Despite the fact that she was about to go live on a TV link to England in front of millions of viewers, if needs must, ten minutes was more than enough time to make herself adequately presentable. Her dark brown eyes contrasting against her pale blemish free skin dispensed with the need for any make up. Her tall slender but shapely body looked good in the simplest items of clothing and a quick brush of her thick brown hair rectified any defect resulting from a restless nights sleep. She so wanted to wake up in a civilised way, sipping a cup of tea in bed, watching the breakfast news for at least an hour then doing a spot of yoga on the rug until nicely supple and refreshed but for five reasons she couldn’t: she had over slept and didn’t have time, she had a pounding head and her hotel didn’t provide tea making facilities, a television in the room or a rug on the hard tiled floor.

The reason she had a pounding head was directly attributable to the night before. Her companions, Simon and Bob had collected together some unidentifiable bottles of alcohol. They assumed it was some kind of vodka as it looked like water but it wasn’t, tasted not dissimilar to high octane petrol but it wasn’t and gave off vapours which burnt the lining of your nostrils but Vicks, it wasn’t. Because of this they suspected that there would be some unpleasant consequences.

Yes, they had a good reason to celebrate; straight after the link up they would be heading home to wonderful England, away from this hellhole of a war torn township and away from this once but not now, luxurious hotel. Poppy would be going back to the people she loved most in the world, Minnie, her Mum and Adam, her sweetheart.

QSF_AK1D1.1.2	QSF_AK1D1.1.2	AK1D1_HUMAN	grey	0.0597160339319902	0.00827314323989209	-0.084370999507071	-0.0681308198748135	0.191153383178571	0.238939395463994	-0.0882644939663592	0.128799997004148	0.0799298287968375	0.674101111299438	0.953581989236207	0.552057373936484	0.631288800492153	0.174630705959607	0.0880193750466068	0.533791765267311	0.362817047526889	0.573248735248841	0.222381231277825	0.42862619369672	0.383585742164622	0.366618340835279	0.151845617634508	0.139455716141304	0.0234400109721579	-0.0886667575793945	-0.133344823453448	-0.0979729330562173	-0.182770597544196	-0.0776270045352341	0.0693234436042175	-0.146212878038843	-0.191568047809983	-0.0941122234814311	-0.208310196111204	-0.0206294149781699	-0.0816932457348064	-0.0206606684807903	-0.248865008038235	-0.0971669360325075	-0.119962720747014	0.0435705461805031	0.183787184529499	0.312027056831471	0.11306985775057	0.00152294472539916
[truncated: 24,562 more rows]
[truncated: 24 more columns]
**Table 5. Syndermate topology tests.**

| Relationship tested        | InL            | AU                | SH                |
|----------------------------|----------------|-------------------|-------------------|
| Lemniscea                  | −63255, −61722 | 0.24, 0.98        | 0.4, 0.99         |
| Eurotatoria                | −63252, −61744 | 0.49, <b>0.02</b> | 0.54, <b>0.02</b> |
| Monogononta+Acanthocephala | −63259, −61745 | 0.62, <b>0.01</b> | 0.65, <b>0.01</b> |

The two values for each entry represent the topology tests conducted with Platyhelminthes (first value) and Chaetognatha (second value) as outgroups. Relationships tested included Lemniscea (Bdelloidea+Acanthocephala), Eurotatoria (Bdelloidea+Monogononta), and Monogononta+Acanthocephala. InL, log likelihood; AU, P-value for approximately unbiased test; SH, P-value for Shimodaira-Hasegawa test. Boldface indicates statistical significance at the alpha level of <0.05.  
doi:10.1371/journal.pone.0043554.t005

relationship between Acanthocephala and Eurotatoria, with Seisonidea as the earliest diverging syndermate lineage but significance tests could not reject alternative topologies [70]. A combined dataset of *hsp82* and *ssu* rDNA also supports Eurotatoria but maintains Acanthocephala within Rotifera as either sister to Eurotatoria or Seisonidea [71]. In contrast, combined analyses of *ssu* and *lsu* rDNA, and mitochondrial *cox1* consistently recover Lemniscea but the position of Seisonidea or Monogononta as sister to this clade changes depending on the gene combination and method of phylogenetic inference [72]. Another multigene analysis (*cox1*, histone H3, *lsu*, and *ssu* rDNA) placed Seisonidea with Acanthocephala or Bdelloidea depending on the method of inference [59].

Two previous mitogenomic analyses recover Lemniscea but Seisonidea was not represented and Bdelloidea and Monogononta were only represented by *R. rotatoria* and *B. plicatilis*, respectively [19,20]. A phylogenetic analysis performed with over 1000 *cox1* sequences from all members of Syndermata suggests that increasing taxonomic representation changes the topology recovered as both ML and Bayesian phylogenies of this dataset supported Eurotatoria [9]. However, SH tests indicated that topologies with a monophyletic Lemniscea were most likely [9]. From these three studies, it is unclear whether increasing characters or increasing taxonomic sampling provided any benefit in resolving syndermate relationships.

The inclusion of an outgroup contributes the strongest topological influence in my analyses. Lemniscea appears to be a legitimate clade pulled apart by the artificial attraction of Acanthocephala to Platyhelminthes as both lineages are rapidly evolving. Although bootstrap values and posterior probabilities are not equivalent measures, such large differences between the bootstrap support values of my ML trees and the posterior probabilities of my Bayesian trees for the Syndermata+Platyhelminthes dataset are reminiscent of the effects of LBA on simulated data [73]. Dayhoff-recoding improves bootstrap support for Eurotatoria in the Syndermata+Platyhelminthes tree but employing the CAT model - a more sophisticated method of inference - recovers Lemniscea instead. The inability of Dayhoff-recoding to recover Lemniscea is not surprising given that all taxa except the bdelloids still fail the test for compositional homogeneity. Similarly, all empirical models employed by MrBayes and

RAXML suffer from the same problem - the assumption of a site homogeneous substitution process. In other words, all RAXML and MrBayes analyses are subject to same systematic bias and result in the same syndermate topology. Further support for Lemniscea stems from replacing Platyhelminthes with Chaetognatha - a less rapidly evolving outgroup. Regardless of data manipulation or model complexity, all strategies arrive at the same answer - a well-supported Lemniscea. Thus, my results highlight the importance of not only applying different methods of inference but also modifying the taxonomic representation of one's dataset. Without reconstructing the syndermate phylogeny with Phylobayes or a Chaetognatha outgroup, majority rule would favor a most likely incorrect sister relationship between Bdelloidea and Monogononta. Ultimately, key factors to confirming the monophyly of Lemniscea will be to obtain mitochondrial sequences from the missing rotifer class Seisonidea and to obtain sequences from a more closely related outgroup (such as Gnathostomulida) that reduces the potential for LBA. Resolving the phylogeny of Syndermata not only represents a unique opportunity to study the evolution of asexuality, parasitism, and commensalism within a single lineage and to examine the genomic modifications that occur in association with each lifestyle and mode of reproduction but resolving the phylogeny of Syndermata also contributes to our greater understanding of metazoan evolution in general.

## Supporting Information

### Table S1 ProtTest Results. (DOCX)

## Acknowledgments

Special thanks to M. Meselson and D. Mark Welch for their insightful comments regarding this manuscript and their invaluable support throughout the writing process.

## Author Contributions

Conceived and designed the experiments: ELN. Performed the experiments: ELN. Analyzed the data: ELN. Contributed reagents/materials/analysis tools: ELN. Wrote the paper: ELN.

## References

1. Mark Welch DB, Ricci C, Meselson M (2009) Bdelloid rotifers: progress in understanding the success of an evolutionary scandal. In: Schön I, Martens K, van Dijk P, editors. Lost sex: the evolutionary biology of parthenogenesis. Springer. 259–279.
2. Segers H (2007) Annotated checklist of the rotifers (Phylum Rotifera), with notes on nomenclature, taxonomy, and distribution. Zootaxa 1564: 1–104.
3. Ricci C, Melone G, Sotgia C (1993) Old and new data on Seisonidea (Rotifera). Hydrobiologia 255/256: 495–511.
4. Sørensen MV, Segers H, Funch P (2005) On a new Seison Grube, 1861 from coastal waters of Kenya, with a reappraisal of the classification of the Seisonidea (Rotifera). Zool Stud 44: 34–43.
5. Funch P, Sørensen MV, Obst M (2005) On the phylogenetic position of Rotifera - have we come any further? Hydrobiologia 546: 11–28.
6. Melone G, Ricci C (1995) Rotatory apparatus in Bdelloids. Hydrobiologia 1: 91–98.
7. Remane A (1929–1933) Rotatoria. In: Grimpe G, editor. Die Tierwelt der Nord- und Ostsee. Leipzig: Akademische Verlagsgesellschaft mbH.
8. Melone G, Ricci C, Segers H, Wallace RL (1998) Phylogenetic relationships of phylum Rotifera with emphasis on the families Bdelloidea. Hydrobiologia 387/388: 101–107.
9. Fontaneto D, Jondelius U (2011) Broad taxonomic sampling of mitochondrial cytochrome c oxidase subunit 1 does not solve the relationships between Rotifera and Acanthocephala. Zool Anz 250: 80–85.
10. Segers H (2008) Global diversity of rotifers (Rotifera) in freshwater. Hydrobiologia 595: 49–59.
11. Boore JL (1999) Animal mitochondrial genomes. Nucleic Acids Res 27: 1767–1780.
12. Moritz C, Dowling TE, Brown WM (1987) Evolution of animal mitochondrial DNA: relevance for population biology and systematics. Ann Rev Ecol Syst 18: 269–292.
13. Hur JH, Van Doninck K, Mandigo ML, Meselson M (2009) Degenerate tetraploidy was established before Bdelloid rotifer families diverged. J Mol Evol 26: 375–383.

For three weeks she had being covering recent unsettling developments in this part of middle Africa.

It was part a part of the world that was void of oil so the rest of the world’s governments left the insurmountable problems to be tackled as best as they could by charitable organisations. It was part of the world where the leader had become old and mad and employed those with no souls to be his right hand men. And it was part of the world where the amount of diseased people was disproportionate to the amount of drugs available.

So why was Poppy here? It happened to be a well paid but dangerous assignment and Poppy Cock was naturally the best one for the job. It would result in a feather in her cap that she didn’t particularly crave for but after all she was probably the most experienced news correspondent for this kind of work – she simply had to go. Undeniably she had boosted the viewing ratings (mostly male) because she literally made love to the camera. Her cheeky smile, subliminal body language and come-to-bed-eyes, travelled at the speed of light to the millions of television sets back home. This was rather inappropriate behaviour for a country in turmoil and short of just about everything but she thought, what the hell can I do? Africa is an awfully long way away, certainly not a place I’d choose to go on holiday to and full of people who don’t appreciate the nice sunny weather they have.

Yes, it’s true, Poppy could be described as shallow, perhaps spoilt but in her defence, Poppy’s life had not been without a certain amount of distress and hardship. To give perspective, her life so far in comparison to what is to come is largely of no consequence, however, so as not to totally dismiss this expectation, here is a whole section devoted to her early life: